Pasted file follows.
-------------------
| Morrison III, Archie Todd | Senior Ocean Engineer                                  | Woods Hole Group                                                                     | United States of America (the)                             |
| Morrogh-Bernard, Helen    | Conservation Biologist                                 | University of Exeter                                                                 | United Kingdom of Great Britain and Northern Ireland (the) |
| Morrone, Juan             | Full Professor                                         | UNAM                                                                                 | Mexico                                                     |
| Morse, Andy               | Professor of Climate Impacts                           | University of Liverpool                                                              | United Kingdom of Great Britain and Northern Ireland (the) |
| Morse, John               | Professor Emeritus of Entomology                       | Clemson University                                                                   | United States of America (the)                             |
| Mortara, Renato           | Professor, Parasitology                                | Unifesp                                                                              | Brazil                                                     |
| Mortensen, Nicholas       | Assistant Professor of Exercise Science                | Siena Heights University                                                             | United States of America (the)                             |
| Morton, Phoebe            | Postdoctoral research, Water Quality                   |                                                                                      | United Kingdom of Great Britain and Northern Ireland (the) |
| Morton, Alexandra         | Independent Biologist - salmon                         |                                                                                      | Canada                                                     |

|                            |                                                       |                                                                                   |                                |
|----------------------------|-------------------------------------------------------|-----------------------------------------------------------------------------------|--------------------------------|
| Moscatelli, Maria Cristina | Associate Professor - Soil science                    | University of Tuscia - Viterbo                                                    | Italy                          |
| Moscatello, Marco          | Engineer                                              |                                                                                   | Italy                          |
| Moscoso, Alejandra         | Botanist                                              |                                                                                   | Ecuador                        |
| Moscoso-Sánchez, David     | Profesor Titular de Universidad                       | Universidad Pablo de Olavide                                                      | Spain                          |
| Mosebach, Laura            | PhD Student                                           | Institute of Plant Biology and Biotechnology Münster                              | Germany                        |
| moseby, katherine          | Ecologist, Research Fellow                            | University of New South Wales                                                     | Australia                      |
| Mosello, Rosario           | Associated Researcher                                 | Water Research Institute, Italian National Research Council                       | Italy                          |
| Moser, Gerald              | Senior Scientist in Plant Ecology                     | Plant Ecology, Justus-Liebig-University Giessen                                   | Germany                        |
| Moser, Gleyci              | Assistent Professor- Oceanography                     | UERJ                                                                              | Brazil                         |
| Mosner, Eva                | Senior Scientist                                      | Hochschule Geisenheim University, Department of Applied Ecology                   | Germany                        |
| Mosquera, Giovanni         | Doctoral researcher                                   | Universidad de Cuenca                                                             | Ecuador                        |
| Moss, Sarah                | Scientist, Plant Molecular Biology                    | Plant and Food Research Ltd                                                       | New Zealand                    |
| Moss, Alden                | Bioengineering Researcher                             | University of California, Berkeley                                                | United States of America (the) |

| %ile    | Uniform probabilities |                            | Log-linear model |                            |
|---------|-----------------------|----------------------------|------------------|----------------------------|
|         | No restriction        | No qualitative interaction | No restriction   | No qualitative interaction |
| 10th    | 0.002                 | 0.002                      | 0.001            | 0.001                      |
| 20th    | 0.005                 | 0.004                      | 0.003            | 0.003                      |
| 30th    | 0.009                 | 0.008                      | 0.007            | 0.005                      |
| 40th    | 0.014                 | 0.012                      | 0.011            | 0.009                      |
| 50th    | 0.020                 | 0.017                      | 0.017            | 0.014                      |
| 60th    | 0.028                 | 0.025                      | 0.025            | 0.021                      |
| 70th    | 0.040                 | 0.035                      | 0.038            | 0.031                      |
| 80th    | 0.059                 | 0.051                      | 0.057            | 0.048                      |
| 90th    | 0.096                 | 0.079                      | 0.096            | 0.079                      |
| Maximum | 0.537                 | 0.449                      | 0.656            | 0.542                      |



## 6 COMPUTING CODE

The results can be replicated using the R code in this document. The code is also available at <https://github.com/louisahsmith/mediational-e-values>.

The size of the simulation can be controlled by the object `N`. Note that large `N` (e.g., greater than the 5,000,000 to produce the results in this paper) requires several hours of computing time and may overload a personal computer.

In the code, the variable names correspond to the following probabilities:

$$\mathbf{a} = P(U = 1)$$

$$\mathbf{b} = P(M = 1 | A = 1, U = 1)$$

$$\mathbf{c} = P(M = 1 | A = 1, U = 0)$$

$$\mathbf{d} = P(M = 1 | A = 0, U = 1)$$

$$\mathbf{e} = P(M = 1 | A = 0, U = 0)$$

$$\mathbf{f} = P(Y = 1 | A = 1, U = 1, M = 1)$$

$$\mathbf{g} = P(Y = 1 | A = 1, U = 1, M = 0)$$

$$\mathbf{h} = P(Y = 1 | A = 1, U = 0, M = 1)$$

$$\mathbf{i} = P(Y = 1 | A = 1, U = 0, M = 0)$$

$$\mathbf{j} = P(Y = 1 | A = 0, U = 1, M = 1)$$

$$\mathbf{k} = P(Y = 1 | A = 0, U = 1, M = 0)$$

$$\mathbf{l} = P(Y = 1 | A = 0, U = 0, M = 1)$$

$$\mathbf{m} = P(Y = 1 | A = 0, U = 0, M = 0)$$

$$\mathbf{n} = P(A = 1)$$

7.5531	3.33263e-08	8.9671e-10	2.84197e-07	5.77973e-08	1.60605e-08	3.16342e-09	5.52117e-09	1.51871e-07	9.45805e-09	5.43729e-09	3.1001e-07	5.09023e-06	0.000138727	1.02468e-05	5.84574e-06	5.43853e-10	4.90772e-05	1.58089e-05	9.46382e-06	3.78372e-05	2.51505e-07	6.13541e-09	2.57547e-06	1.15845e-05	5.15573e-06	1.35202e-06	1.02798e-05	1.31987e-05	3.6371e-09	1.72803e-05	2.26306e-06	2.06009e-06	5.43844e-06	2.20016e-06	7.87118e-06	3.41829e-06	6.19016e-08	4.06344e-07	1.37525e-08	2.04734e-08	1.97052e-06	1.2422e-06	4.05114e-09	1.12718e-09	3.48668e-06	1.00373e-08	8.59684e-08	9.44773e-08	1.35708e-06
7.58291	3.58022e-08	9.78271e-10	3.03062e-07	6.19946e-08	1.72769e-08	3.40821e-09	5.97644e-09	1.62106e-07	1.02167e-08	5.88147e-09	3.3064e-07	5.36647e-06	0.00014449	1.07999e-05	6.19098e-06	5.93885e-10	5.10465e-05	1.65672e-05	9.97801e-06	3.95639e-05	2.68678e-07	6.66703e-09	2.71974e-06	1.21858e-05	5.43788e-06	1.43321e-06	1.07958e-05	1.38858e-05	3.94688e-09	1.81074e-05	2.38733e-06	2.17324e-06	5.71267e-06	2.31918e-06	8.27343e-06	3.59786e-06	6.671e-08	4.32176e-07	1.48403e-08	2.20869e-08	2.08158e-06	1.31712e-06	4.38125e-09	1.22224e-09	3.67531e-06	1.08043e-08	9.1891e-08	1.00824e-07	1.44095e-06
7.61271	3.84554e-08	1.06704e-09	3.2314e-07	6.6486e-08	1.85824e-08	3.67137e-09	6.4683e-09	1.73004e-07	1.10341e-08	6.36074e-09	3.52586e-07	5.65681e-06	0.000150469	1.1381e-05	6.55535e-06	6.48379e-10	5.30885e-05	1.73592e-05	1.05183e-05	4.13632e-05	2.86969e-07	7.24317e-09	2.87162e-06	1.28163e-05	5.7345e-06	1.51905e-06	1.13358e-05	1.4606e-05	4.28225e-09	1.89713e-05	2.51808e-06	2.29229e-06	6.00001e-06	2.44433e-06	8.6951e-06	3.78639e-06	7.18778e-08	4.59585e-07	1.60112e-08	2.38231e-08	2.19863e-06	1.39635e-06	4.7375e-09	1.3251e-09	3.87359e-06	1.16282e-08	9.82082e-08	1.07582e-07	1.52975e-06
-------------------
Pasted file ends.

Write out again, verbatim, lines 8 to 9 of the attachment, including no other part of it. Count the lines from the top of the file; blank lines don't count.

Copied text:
| Morton, Phoebe            | Postdoctoral research, Water Quality                   |                                                                                      | United Kingdom of Great Britain and Northern Ireland (the) |
| Morton, Alexandra         | Independent Biologist - salmon                         |                                                                                      | Canada                                                     |